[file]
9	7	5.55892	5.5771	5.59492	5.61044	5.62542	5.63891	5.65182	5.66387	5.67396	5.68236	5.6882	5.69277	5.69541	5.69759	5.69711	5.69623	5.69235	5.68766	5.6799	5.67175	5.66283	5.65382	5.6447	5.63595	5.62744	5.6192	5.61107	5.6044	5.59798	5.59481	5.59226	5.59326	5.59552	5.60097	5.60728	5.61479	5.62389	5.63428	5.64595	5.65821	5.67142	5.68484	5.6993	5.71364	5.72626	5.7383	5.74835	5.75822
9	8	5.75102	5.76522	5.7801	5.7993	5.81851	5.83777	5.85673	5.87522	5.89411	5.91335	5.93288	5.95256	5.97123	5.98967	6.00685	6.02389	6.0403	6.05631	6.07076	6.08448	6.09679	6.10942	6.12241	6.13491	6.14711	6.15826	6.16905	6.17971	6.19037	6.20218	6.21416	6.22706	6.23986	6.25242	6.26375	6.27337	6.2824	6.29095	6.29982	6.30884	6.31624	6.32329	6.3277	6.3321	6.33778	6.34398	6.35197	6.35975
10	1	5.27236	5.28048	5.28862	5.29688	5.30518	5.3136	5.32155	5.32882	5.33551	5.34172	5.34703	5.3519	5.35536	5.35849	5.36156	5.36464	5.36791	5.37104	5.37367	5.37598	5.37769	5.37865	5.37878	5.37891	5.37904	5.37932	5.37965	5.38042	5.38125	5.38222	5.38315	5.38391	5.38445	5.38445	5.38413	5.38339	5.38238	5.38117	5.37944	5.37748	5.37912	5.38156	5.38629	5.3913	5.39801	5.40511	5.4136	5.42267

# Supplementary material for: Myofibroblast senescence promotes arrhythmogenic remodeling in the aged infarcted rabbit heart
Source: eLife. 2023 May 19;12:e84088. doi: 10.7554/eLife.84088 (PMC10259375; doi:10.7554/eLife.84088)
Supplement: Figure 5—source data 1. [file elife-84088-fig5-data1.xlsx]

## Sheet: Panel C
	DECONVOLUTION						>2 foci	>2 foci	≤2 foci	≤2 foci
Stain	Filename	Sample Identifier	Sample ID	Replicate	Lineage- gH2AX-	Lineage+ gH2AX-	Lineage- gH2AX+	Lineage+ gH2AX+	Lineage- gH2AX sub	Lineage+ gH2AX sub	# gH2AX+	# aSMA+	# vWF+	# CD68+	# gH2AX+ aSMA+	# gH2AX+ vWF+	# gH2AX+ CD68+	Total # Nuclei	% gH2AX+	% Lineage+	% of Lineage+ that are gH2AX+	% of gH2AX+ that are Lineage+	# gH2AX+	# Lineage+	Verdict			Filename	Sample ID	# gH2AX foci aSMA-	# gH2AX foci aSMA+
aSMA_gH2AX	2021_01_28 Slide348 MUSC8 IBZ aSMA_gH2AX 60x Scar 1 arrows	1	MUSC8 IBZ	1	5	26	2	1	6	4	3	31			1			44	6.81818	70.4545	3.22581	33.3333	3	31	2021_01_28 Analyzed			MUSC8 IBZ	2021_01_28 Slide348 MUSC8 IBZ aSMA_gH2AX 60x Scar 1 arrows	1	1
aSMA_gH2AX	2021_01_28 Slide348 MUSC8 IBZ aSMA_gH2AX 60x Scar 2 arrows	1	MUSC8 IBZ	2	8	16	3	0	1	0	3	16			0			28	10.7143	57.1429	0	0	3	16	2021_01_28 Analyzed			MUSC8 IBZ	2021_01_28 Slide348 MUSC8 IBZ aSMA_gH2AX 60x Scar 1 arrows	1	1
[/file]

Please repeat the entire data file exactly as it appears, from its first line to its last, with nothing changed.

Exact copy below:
9	7	5.55892	5.5771	5.59492	5.61044	5.62542	5.63891	5.65182	5.66387	5.67396	5.68236	5.6882	5.69277	5.69541	5.69759	5.69711	5.69623	5.69235	5.68766	5.6799	5.67175	5.66283	5.65382	5.6447	5.63595	5.62744	5.6192	5.61107	5.6044	5.59798	5.59481	5.59226	5.59326	5.59552	5.60097	5.60728	5.61479	5.62389	5.63428	5.64595	5.65821	5.67142	5.68484	5.6993	5.71364	5.72626	5.7383	5.74835	5.75822
9	8	5.75102	5.76522	5.7801	5.7993	5.81851	5.83777	5.85673	5.87522	5.89411	5.91335	5.93288	5.95256	5.97123	5.98967	6.00685	6.02389	6.0403	6.05631	6.07076	6.08448	6.09679	6.10942	6.12241	6.13491	6.14711	6.15826	6.16905	6.17971	6.19037	6.20218	6.21416	6.22706	6.23986	6.25242	6.26375	6.27337	6.2824	6.29095	6.29982	6.30884	6.31624	6.32329	6.3277	6.3321	6.33778	6.34398	6.35197	6.35975
10	1	5.27236	5.28048	5.28862	5.29688	5.30518	5.3136	5.32155	5.32882	5.33551	5.34172	5.34703	5.3519	5.35536	5.35849	5.36156	5.36464	5.36791	5.37104	5.37367	5.37598	5.37769	5.37865	5.37878	5.37891	5.37904	5.37932	5.37965	5.38042	5.38125	5.38222	5.38315	5.38391	5.38445	5.38445	5.38413	5.38339	5.38238	5.38117	5.37944	5.37748	5.37912	5.38156	5.38629	5.3913	5.39801	5.40511	5.4136	5.42267

# Supplementary material for: Myofibroblast senescence promotes arrhythmogenic remodeling in the aged infarcted rabbit heart
Source: eLife. 2023 May 19;12:e84088. doi: 10.7554/eLife.84088 (PMC10259375; doi:10.7554/eLife.84088)
Supplement: Figure 5—source data 1. [file elife-84088-fig5-data1.xlsx]

## Sheet: Panel C
	DECONVOLUTION						>2 foci	>2 foci	≤2 foci	≤2 foci
Stain	Filename	Sample Identifier	Sample ID	Replicate	Lineage- gH2AX-	Lineage+ gH2AX-	Lineage- gH2AX+	Lineage+ gH2AX+	Lineage- gH2AX sub	Lineage+ gH2AX sub	# gH2AX+	# aSMA+	# vWF+	# CD68+	# gH2AX+ aSMA+	# gH2AX+ vWF+	# gH2AX+ CD68+	Total # Nuclei	% gH2AX+	% Lineage+	% of Lineage+ that are gH2AX+	% of gH2AX+ that are Lineage+	# gH2AX+	# Lineage+	Verdict			Filename	Sample ID	# gH2AX foci aSMA-	# gH2AX foci aSMA+
aSMA_gH2AX	2021_01_28 Slide348 MUSC8 IBZ aSMA_gH2AX 60x Scar 1 arrows	1	MUSC8 IBZ	1	5	26	2	1	6	4	3	31			1			44	6.81818	70.4545	3.22581	33.3333	3	31	2021_01_28 Analyzed			MUSC8 IBZ	2021_01_28 Slide348 MUSC8 IBZ aSMA_gH2AX 60x Scar 1 arrows	1	1
aSMA_gH2AX	2021_01_28 Slide348 MUSC8 IBZ aSMA_gH2AX 60x Scar 2 arrows	1	MUSC8 IBZ	2	8	16	3	0	1	0	3	16			0			28	10.7143	57.1429	0	0	3	16	2021_01_28 Analyzed			MUSC8 IBZ	2021_01_28 Slide348 MUSC8 IBZ aSMA_gH2AX 60x Scar 1 arrows	1	1